Easiest Homemade Rice Milk

This homemade rice milk is a super simple recipe, it helps you avoid all of the additives typically found in store bought rice milk, and works great for all of your vegan baking, cooking, and more.

homemade rice milk in carafes with brown rice scattered on marble tabletop

This recipe can be made using either brown or white rice, and literally can be made with only 2 ingredients and in just minutes.

Whether you are dealing with a milk allergy or intolerance, or you just want a simple option on hand for a last-minute handy milk substitute, I have an answer for your troubles that you and your wallet will truly enjoy (and the environment will love as well :-).)

For years now, we've been making our own rice milk and other dairy-free milk alternatives. Our oldest was diagnosed with a life-threatening allergy to dairy before he was even one year old, and my husband is lactose intolerant, so having a milk substitute on hand has been a constant need in our home.

In fact, we make homemade dairy-free milk several times a week for use in recipes, baking, or adding to hot drinks or to cooked hot cereals. Since moving our diet in a lower-carb direction, we mostly make homemade coconut milk or homemade almond milk  but homemade rice milk was a mainstay for us for a very long time.

Rice is an easily digestible grain, making rice milk a fantastic choice for someone who is struggling with a digestive sensitivity or upset, plus rice is gluten-free and fairly non-allergenic, so rice milk works well for almost any special diet.

If you have someone in your household who suffers from a dairy allergy or intolerance, you know how beneficial having dairy-free milk substitutes around can be. And when you can make them yourself--all the better.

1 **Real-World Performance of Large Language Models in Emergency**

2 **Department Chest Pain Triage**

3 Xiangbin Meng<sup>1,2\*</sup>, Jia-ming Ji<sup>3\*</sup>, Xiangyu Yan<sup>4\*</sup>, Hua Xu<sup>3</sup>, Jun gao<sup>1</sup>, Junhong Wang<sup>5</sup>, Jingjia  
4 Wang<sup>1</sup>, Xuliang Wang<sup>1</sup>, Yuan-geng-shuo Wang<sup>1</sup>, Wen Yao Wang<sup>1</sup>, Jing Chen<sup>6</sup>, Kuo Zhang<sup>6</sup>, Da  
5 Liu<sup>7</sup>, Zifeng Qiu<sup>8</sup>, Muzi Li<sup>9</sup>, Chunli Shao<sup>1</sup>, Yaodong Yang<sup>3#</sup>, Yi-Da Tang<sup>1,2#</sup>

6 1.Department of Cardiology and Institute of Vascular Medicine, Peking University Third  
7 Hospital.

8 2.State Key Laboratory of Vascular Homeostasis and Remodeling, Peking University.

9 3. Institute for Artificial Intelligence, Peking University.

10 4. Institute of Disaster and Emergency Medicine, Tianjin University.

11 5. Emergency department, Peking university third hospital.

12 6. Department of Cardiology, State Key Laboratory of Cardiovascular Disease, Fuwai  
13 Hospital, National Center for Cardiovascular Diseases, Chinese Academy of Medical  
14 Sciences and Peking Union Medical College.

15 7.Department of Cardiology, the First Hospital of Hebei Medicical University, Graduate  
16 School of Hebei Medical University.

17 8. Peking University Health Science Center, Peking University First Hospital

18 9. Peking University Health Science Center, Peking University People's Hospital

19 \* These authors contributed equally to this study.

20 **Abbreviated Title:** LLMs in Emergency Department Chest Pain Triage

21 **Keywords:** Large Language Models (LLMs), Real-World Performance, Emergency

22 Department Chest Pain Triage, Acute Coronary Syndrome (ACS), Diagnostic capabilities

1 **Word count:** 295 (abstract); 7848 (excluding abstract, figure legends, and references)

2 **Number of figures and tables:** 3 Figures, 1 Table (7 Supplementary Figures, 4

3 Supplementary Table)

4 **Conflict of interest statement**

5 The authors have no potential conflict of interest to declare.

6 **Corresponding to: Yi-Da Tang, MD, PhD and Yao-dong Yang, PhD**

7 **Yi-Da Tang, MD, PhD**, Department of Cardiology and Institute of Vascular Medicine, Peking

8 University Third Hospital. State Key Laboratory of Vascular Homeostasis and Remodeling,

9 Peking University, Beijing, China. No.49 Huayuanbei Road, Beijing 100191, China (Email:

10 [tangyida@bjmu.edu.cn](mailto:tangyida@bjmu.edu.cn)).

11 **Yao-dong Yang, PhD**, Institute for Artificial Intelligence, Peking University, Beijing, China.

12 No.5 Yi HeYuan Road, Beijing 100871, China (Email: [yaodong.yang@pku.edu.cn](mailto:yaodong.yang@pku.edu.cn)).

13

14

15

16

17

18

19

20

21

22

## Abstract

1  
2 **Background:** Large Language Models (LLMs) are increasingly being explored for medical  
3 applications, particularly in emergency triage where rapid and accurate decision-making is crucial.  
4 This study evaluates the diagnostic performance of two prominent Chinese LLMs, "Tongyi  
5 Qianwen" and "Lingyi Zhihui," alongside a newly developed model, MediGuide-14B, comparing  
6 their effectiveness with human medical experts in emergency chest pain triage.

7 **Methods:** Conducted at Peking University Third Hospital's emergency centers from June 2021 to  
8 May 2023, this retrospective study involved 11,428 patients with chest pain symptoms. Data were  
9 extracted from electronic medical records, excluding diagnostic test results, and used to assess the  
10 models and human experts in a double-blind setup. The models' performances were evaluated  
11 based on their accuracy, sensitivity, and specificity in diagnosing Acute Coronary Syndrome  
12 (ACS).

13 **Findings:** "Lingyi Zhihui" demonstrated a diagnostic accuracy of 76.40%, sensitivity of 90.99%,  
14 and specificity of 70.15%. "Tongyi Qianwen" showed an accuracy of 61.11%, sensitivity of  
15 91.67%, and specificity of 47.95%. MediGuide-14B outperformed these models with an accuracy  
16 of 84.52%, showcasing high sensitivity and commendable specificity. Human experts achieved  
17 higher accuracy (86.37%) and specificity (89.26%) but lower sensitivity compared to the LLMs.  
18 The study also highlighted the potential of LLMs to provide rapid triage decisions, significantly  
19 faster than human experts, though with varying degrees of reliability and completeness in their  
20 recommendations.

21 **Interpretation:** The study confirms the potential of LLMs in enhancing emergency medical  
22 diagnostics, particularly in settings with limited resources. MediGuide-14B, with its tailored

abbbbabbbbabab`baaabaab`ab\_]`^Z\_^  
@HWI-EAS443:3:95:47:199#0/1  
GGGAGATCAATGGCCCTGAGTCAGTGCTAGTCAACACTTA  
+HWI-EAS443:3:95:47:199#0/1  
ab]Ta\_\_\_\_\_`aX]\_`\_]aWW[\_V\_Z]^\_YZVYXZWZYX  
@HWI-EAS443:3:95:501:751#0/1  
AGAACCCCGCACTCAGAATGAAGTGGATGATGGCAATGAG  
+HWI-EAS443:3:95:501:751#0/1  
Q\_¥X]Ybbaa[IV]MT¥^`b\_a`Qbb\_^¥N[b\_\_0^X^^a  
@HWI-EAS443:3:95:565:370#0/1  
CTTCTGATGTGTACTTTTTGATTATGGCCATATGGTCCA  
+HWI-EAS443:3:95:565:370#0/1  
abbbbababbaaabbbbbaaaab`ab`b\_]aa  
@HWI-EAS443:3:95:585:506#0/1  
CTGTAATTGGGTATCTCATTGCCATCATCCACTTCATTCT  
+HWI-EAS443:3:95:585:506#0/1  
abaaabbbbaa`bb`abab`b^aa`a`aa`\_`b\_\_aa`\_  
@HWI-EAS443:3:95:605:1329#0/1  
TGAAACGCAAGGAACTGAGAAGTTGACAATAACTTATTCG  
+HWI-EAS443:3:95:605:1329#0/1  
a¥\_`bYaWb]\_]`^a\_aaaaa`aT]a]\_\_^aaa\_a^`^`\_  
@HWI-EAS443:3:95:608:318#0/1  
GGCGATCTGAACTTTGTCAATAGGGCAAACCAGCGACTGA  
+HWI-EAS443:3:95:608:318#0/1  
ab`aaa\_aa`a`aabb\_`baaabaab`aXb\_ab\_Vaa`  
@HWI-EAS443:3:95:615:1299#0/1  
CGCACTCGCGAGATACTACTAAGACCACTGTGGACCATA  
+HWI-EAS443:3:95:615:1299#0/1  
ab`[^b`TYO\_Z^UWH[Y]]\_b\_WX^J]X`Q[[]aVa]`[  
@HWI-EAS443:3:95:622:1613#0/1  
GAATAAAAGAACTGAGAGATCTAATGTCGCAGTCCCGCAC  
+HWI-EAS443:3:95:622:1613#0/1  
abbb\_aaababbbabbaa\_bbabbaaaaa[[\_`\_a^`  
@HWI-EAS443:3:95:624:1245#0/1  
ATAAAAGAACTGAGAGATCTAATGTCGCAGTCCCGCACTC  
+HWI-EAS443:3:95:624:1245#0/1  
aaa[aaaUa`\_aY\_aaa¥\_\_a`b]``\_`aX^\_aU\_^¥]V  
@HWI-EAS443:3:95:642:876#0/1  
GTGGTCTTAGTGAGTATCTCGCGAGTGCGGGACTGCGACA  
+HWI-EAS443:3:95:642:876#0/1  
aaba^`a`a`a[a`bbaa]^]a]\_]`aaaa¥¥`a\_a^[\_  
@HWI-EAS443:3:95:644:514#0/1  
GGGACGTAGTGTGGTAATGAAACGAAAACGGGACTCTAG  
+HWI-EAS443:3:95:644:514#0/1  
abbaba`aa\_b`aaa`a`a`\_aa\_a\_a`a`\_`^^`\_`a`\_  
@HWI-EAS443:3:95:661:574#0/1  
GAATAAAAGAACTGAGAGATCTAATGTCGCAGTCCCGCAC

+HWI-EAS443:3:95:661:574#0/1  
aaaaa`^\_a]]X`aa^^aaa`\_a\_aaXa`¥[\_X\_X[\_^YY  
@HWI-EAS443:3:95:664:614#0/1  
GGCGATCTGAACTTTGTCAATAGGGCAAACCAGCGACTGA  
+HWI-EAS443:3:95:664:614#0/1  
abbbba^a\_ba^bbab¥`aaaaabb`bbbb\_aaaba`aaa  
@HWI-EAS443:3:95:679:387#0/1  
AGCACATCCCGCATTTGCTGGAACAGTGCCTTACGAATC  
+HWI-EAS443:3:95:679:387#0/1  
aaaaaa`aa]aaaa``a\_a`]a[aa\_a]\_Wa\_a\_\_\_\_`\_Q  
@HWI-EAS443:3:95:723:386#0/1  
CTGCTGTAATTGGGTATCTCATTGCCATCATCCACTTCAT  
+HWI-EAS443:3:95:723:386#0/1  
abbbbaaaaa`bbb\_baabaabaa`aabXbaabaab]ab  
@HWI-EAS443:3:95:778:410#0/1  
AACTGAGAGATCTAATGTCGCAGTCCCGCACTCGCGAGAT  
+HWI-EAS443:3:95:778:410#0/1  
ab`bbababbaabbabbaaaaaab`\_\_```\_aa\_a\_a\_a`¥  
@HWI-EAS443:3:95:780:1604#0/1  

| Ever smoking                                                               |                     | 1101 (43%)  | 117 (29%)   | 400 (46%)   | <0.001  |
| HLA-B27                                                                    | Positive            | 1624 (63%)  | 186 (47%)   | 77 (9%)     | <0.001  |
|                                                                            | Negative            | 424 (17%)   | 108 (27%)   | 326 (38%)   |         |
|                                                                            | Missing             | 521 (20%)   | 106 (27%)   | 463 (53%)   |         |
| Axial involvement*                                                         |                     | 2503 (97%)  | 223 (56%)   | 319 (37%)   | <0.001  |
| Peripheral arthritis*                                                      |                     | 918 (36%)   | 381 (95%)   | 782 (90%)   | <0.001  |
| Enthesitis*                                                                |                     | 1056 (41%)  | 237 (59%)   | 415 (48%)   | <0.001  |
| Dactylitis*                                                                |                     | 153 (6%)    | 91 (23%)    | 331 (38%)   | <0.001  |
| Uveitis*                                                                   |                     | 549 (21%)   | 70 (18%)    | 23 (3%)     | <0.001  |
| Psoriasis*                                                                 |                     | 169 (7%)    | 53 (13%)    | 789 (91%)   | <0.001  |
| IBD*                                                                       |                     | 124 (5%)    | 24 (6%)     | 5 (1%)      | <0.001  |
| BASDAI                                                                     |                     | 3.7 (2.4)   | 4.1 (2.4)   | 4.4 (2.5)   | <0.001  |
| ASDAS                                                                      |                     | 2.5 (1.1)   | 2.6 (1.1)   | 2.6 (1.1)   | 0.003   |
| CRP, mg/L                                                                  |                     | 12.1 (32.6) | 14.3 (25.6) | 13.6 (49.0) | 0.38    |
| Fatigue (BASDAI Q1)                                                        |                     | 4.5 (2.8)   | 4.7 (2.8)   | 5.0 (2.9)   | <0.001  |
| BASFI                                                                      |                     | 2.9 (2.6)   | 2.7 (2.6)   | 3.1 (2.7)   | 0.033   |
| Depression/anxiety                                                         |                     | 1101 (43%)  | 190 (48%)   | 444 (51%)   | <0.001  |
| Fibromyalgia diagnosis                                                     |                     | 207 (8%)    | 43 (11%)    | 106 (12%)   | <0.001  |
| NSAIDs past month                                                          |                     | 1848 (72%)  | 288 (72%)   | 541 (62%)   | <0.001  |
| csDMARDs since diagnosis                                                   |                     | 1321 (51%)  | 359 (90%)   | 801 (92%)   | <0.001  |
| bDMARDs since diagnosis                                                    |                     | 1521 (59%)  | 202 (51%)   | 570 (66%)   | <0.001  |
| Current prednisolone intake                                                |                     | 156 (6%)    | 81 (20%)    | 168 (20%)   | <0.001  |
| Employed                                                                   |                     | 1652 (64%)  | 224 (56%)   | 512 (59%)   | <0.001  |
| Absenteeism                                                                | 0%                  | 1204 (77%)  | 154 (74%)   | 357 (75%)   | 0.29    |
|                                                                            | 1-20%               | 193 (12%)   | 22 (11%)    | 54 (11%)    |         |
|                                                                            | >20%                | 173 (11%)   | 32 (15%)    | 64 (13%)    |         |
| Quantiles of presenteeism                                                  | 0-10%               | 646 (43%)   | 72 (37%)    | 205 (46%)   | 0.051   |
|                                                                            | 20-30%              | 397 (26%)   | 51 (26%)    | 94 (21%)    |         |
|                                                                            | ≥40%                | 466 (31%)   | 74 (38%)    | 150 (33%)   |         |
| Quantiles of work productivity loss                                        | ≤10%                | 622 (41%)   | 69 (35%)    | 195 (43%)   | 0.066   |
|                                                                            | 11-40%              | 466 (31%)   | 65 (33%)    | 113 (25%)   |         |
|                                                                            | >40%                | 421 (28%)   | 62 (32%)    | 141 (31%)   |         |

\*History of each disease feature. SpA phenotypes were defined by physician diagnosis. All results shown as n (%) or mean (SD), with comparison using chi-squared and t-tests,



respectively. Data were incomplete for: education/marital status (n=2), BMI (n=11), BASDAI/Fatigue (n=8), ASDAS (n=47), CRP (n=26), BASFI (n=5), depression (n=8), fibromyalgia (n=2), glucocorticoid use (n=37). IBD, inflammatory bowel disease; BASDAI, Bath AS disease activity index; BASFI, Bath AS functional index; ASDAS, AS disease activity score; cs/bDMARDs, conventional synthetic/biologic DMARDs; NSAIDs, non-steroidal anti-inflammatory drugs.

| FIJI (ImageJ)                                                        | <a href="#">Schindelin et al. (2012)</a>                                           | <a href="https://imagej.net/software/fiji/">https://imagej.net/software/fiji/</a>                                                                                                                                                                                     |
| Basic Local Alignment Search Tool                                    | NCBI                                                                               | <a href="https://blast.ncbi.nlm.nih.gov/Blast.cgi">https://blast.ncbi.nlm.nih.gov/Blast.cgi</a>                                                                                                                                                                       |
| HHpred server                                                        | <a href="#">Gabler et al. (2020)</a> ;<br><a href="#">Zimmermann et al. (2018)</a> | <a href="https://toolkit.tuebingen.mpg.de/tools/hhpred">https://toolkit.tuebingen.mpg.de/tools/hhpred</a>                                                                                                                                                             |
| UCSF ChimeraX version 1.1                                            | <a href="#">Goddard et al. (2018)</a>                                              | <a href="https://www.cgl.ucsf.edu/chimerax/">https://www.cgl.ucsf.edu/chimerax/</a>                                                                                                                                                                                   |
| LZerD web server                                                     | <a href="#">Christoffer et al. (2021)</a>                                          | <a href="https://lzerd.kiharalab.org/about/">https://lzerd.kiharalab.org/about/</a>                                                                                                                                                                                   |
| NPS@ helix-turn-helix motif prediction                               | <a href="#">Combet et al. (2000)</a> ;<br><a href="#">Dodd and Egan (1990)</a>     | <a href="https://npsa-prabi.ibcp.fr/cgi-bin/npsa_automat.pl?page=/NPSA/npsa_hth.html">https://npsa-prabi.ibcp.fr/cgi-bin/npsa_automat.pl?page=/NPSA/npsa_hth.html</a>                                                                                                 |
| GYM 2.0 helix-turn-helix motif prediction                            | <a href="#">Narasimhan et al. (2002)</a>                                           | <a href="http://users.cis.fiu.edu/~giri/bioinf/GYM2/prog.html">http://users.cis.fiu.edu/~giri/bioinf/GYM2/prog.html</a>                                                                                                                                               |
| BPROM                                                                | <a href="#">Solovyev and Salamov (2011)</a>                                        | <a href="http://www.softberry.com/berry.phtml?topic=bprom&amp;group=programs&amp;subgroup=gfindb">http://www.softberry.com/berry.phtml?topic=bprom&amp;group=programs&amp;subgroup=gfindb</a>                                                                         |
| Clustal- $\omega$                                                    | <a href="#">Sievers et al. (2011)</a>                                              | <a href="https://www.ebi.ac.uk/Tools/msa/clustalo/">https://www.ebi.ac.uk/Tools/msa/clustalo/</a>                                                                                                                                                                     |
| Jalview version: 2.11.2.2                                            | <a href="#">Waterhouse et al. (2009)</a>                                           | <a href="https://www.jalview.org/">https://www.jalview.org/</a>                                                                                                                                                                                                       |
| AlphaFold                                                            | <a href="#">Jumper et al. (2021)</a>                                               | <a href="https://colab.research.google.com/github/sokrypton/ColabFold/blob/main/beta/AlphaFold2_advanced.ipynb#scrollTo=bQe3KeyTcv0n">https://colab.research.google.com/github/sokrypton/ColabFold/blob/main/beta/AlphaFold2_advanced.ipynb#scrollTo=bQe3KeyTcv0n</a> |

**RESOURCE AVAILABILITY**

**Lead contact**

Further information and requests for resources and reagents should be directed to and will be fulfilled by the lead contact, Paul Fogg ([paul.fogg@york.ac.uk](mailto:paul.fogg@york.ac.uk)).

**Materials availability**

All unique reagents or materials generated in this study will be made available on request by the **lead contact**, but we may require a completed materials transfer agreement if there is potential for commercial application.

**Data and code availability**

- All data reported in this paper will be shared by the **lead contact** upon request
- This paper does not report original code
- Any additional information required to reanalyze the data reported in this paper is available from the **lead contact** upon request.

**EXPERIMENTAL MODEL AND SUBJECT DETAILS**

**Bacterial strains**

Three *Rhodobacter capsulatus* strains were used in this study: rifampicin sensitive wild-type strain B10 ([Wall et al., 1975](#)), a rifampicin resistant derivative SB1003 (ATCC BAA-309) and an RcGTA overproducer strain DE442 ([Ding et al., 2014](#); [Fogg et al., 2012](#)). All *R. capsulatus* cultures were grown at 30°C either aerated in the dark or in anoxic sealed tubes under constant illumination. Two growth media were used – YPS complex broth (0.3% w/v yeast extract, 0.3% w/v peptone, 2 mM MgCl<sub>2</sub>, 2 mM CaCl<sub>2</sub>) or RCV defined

Besides being helpful for food allergies or intolerances, rice milk is helpful for having around the house for those occasions when you run out of milk in the middle of making a recipe.

How I Discovered How to Make DIY Rice Milk

This discovery came one day, years ago, while shopping at a health food store. And I do mean years ago--way before dairy-free milk substitutes were in vogue. While looking at the pricey options in the "milk substitute aisle", I noticed that the only ingredients listed on the boxes were -- grain, water, and occasionally sweetener and flavoring.

There just had to be a way to make this myself and save a lot of money.

So I went home, got out my blender, estimated the amount of rice and water I should use, added a dash of salt and a tablespoon of sweetener, and the rest is money-saving history!

Why Make Homemade Rice Milk?

Control Over Ingredients

Here is an ingredient list from a store bought rice milk:

 Filtered Water, Organic Whole Grain Brown Rice, Organic Brown Rice Syrup, Organic Expeller Pressed Canola and/or Organic Expeller Pressed High Oleic Safflower Oil, Tricalcium Phosphate, Sea Salt, Organic Vanilla Flavor, Natural Flavor, Carrageenan, Vitamin A Palmitate, Vitamin D2, Vitamin B12.

Now, it's nice that they are using filtered water and organic rice and rice syrup and oils and flavoring, but there are some disconcerting ingredients in there.

Natural Flavor

The term "natural flavor" is used as a catch all phrase. According to FDA,

The term natural flavor or natural flavoring means the essential oil, oleoresin, essence or extractive, protein hydrolysate, distillate, or any product of roasting, heating or enzymolysis, which contains the flavoring constituents derived from a spice, fruit or fruit juice, vegetable or vegetable juice, edible yeast, herb, bark, bud, root, leaf or similar plant material, meat, seafood, poultry, eggs, dairy products, or fermentation products thereof, whose significant function in food is flavoring rather than nutritional.

Basically, anything added to a food for flavor that is not an artificial flavor is a “natural flavor.” There are some companies that use the term to simply conceal propriety truly natural flavorings, but unless you contact the company, you don't know.


This thickener could cause some gastric distress and has some other evidence of causing other intestinal issues and even inflammation. A small amount might be tolerable, but those who consume a lot of processed foods should take this into consideration.

Vitamin A Palmitate

Vitamin A is a synthetic form of the vitamin that is prevalent in fruits and vegetables, meaning that supplementation is typically not needed. It is very rare for someone to be deficient in vitamin A. Additionally, there are reports of excess vitamin A being linked to birth defects, liver problems, and bone damage.

Canola Oil